Did Christ Have a Fallen Human Nature? – Part 2 of 8

by Fr. Emmanuel Hatzidakis | June 29, 2013

In this second post of our series, we continue our reply to a blogger’s article, “Was Jesus Christ Born With a Sin Nature and Original Sin?”, and will address the following question:

In becoming human did the Logos assume a fallen nature?

I don’t know how can our blogger state so categorically that Christ “assumed every part of humanity as it is (post-fallen).” If he or anyone else were to search carefully for a single document supporting his position he would go away empty. Not only would he not find any such teaching in the tradition of the Church, but au contraire he would come up with a great number of statements “proclaiming unequivocally” that the Incarnate Son of God did not have a fallen human nature. Actually, the Church’s teaching is that Christ’s nature was as that of Adam before the fall. Check out these authorities:


1) An official pronouncement of the Church

Fourth Ecumenical Council, Tome of Leo

Jesus Christ was born in the entire and perfect nature of man very God, whole in what was His, whole in what was ours. By “ours” we mean those things that the Creator formed in us at the beginning and which He once more received restored. For those things that the deceiver introduced, and the deceived man admitted, not a trace was in the Savior.

2) The witness of the Holy Scripture

Heb. 13:8

Jesus Christ is the same yesterday and today and forever. Do not be led away by diverse and strange teachings.

1 Cor. 2:8

None of the rulers of this age understood this [i.e. “redemption in Christ” (RSV)]; for if they had, they would not have crucified the Lord of glory.

3) The witness of the Fathers of the Church

St. Cyril of Alexandria

Christ has refashioned the nature of man into what it was in the beginning. “In Him all things are made new” (2 Cor. 5:17).

St. Maximos the Confessor

In being formed as a human being, He condescended to what was by law the creaturely origin of Adam prior to his fall.

St. John Damascene

You assumed, O Master, the entire Adam, before His transgression, free from sin.

4) The witness of the hymnology of the Church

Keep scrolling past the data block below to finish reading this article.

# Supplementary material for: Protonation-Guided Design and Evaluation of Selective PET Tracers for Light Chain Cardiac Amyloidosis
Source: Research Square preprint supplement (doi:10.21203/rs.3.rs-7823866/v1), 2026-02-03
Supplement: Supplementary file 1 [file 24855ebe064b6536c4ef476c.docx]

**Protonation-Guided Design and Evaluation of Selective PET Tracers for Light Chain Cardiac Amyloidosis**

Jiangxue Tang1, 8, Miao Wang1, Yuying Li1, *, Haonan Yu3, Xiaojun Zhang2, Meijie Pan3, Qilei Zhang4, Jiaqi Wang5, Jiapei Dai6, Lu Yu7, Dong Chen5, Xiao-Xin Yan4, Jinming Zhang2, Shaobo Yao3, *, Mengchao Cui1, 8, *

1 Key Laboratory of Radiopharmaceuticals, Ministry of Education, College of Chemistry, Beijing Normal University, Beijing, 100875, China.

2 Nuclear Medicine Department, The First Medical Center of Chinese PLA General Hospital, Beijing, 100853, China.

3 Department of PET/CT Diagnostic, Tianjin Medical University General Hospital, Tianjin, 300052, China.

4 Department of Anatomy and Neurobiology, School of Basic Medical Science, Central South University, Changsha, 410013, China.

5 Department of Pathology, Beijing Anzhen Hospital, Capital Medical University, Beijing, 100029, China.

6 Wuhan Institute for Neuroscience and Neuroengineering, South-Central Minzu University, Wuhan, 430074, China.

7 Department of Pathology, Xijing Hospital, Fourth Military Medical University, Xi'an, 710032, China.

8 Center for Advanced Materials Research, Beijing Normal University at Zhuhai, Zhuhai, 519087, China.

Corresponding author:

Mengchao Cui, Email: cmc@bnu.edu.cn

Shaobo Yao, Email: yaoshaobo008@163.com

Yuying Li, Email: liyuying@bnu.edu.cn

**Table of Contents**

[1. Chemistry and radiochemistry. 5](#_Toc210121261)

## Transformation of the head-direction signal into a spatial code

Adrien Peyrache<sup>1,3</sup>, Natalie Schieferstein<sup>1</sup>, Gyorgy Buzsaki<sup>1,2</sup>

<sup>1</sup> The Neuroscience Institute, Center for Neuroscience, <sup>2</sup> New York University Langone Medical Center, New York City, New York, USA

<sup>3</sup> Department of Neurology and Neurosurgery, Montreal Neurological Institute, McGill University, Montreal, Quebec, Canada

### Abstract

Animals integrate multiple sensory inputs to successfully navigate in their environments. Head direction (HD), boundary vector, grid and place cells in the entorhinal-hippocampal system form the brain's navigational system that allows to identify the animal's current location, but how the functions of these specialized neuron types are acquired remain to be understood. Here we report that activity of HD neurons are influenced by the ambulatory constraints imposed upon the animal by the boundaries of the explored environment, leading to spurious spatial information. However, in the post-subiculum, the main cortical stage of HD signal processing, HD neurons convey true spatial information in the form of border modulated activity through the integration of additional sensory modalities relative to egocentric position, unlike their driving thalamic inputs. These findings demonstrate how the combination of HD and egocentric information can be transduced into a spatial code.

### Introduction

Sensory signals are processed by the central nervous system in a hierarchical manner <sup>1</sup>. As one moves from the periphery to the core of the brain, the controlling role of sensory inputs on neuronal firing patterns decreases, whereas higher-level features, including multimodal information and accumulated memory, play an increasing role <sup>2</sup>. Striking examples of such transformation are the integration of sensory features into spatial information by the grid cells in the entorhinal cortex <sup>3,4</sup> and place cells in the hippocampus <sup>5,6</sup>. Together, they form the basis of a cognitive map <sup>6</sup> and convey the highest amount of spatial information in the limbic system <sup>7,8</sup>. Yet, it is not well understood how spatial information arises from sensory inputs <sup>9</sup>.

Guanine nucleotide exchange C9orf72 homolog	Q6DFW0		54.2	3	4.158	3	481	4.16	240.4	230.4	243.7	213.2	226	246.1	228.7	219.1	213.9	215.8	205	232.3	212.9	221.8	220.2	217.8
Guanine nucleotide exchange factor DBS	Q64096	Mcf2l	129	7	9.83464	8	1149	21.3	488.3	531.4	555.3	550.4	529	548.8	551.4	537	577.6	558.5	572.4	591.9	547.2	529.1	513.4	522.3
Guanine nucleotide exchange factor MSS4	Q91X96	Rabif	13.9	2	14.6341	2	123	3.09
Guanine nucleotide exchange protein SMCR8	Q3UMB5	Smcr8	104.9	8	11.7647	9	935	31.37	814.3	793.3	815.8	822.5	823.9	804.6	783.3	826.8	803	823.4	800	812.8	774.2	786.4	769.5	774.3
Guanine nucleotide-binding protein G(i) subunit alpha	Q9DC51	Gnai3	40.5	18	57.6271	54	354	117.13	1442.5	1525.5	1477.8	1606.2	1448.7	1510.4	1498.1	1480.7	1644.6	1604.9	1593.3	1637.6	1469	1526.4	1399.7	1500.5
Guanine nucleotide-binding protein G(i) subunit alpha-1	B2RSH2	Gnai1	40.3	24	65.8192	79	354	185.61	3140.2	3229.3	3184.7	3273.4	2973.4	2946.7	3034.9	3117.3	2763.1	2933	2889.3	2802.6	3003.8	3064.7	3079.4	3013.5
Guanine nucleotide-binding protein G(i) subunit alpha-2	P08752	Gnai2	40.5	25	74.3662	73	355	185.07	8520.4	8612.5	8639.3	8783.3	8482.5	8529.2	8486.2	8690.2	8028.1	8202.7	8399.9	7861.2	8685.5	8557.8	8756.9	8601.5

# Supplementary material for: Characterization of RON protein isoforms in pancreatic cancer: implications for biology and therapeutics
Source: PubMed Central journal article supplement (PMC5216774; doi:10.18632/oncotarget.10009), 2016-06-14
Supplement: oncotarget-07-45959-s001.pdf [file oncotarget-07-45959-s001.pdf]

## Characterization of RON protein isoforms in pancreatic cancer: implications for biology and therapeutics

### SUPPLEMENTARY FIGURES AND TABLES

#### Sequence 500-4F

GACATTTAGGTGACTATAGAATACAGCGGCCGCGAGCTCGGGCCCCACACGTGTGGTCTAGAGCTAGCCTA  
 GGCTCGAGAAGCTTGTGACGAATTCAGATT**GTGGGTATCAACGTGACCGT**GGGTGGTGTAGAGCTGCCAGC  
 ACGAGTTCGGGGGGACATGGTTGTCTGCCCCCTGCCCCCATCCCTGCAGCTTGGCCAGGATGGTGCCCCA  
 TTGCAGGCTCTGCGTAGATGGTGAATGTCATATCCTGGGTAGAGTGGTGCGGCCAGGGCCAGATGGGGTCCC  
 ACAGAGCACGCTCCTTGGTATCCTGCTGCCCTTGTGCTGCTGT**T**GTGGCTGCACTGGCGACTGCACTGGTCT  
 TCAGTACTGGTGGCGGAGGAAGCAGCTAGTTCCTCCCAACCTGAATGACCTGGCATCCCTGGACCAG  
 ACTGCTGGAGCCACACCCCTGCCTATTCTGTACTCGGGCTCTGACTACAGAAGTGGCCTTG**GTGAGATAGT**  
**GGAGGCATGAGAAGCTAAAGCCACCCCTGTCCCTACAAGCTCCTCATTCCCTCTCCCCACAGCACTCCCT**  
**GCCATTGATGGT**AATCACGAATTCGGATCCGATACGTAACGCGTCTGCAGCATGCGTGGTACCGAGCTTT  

Kontakion, First Sunday of Lent

The uncircumscribed Word of the Father became circumscribed taking flesh from thee, O Theotokos, and He has restored the sullied image to its ancient glory, filling it with the divine beauty.

Vespers of Annunciation

I will give birth to the Bodiless One who will take flesh from me, so that by His union with it, He may raise man, as the only mighty One, to the ancient dignity.

5) The confirmation by Orthodox Theologians

Panagiotis Trembelas

Since the Lord was sent by His Father to the world to raise the fallen human nature, reconstituting it as another ancestor and new Adam, it was natural for Him to assume the human nature, which “Adam received sinless at the first creation,” so that that nature which the first Adam threw to “corruption and death,” the Lord raised “sinless according to nature.” Therefore the Lord did not assume another human nature, different from the one that came out of the hands of the Creator, but the self same one carried by us, save healthy, and not one corrupted or rendered sick by sin, which reveals Him perfect man, precisely as the first Adam was in Paradise before falling into transgression.

Metropolitan Hierotheos

Christ’s conception in the womb of the Theotokos took place creatively through the Holy Spirit and not by seed, because Christ had to assume the pure nature that Adam had before his transgression.

In the Orthodox Church we don’t bring fancy arguments or express personal opinions. We rely on the Church, “the pillar and foundation of the truth” (1 Tim. 3:15).

Some of this material was drawn from my book, Jesus: Fallen? The Human Nature of Christ Examined from an Eastern Orthodox Perspective (Orthodox Witness: Clearwater, FL, 2013).